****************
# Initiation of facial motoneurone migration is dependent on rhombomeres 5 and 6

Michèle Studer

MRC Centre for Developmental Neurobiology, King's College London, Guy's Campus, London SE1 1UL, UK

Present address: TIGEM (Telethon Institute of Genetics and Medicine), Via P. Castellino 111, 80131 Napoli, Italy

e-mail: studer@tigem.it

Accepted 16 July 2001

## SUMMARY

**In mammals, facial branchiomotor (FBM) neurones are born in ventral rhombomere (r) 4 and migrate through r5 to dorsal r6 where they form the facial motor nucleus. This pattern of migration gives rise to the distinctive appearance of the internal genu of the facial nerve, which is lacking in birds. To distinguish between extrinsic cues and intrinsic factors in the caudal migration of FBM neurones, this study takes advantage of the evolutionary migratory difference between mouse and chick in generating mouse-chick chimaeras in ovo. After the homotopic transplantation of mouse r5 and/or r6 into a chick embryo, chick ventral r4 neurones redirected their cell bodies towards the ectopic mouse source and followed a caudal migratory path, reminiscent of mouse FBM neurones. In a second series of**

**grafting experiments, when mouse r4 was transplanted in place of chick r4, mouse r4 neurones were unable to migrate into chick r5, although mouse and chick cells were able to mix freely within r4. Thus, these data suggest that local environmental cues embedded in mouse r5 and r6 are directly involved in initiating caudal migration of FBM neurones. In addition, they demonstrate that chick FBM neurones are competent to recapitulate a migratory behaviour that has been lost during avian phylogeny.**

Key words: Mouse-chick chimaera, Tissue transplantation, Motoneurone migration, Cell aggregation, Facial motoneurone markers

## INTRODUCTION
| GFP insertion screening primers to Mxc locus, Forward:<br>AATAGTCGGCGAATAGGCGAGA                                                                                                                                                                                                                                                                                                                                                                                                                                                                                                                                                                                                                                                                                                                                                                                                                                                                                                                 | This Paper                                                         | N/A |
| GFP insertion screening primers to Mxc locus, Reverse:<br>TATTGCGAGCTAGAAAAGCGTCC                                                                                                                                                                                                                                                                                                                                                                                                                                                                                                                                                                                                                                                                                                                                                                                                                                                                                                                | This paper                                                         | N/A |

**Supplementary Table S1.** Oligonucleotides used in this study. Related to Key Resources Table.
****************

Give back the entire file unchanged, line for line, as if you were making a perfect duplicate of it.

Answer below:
# Initiation of facial motoneurone migration is dependent on rhombomeres 5 and 6

Michèle Studer

MRC Centre for Developmental Neurobiology, King's College London, Guy's Campus, London SE1 1UL, UK

Present address: TIGEM (Telethon Institute of Genetics and Medicine), Via P. Castellino 111, 80131 Napoli, Italy

e-mail: studer@tigem.it

Accepted 16 July 2001

## SUMMARY

**In mammals, facial branchiomotor (FBM) neurones are born in ventral rhombomere (r) 4 and migrate through r5 to dorsal r6 where they form the facial motor nucleus. This pattern of migration gives rise to the distinctive appearance of the internal genu of the facial nerve, which is lacking in birds. To distinguish between extrinsic cues and intrinsic factors in the caudal migration of FBM neurones, this study takes advantage of the evolutionary migratory difference between mouse and chick in generating mouse-chick chimaeras in ovo. After the homotopic transplantation of mouse r5 and/or r6 into a chick embryo, chick ventral r4 neurones redirected their cell bodies towards the ectopic mouse source and followed a caudal migratory path, reminiscent of mouse FBM neurones. In a second series of**

**grafting experiments, when mouse r4 was transplanted in place of chick r4, mouse r4 neurones were unable to migrate into chick r5, although mouse and chick cells were able to mix freely within r4. Thus, these data suggest that local environmental cues embedded in mouse r5 and r6 are directly involved in initiating caudal migration of FBM neurones. In addition, they demonstrate that chick FBM neurones are competent to recapitulate a migratory behaviour that has been lost during avian phylogeny.**

Key words: Mouse-chick chimaera, Tissue transplantation, Motoneurone migration, Cell aggregation, Facial motoneurone markers

## INTRODUCTION
| GFP insertion screening primers to Mxc locus, Forward:<br>AATAGTCGGCGAATAGGCGAGA                                                                                                                                                                                                                                                                                                                                                                                                                                                                                                                                                                                                                                                                                                                                                                                                                                                                                                                 | This Paper                                                         | N/A |
| GFP insertion screening primers to Mxc locus, Reverse:<br>TATTGCGAGCTAGAAAAGCGTCC                                                                                                                                                                                                                                                                                                                                                                                                                                                                                                                                                                                                                                                                                                                                                                                                                                                                                                                | This paper                                                         | N/A |

**Supplementary Table S1.** Oligonucleotides used in this study. Related to Key Resources Table.